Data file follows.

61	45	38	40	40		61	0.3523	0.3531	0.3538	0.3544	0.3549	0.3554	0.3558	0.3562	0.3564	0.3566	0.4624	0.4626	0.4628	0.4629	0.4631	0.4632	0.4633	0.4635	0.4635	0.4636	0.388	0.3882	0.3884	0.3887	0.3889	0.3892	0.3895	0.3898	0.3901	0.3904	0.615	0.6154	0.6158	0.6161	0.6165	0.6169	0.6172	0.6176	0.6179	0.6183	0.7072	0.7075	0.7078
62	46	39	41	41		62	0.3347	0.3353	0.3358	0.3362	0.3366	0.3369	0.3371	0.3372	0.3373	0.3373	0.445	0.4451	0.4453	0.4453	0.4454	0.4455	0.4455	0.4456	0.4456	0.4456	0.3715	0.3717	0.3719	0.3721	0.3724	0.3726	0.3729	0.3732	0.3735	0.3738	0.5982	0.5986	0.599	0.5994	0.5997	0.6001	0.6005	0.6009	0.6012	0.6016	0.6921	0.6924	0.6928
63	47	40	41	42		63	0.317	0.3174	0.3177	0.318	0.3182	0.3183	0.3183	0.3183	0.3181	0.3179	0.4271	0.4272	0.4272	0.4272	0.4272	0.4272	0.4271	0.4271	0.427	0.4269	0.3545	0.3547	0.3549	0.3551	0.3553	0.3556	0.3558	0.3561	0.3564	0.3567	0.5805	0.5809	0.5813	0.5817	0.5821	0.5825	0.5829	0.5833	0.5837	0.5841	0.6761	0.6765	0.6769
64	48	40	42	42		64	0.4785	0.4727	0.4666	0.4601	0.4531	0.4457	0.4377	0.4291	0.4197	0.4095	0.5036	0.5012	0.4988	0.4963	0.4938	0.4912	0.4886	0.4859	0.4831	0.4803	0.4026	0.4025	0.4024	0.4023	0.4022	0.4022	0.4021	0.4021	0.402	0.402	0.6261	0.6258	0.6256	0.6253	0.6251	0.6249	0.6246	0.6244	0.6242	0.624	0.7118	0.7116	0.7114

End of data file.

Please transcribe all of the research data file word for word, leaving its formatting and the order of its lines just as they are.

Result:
61	45	38	40	40		61	0.3523	0.3531	0.3538	0.3544	0.3549	0.3554	0.3558	0.3562	0.3564	0.3566	0.4624	0.4626	0.4628	0.4629	0.4631	0.4632	0.4633	0.4635	0.4635	0.4636	0.388	0.3882	0.3884	0.3887	0.3889	0.3892	0.3895	0.3898	0.3901	0.3904	0.615	0.6154	0.6158	0.6161	0.6165	0.6169	0.6172	0.6176	0.6179	0.6183	0.7072	0.7075	0.7078
62	46	39	41	41		62	0.3347	0.3353	0.3358	0.3362	0.3366	0.3369	0.3371	0.3372	0.3373	0.3373	0.445	0.4451	0.4453	0.4453	0.4454	0.4455	0.4455	0.4456	0.4456	0.4456	0.3715	0.3717	0.3719	0.3721	0.3724	0.3726	0.3729	0.3732	0.3735	0.3738	0.5982	0.5986	0.599	0.5994	0.5997	0.6001	0.6005	0.6009	0.6012	0.6016	0.6921	0.6924	0.6928
63	47	40	41	42		63	0.317	0.3174	0.3177	0.318	0.3182	0.3183	0.3183	0.3183	0.3181	0.3179	0.4271	0.4272	0.4272	0.4272	0.4272	0.4272	0.4271	0.4271	0.427	0.4269	0.3545	0.3547	0.3549	0.3551	0.3553	0.3556	0.3558	0.3561	0.3564	0.3567	0.5805	0.5809	0.5813	0.5817	0.5821	0.5825	0.5829	0.5833	0.5837	0.5841	0.6761	0.6765	0.6769
64	48	40	42	42		64	0.4785	0.4727	0.4666	0.4601	0.4531	0.4457	0.4377	0.4291	0.4197	0.4095	0.5036	0.5012	0.4988	0.4963	0.4938	0.4912	0.4886	0.4859	0.4831	0.4803	0.4026	0.4025	0.4024	0.4023	0.4022	0.4022	0.4021	0.4021	0.402	0.402	0.6261	0.6258	0.6256	0.6253	0.6251	0.6249	0.6246	0.6244	0.6242	0.624	0.7118	0.7116	0.7114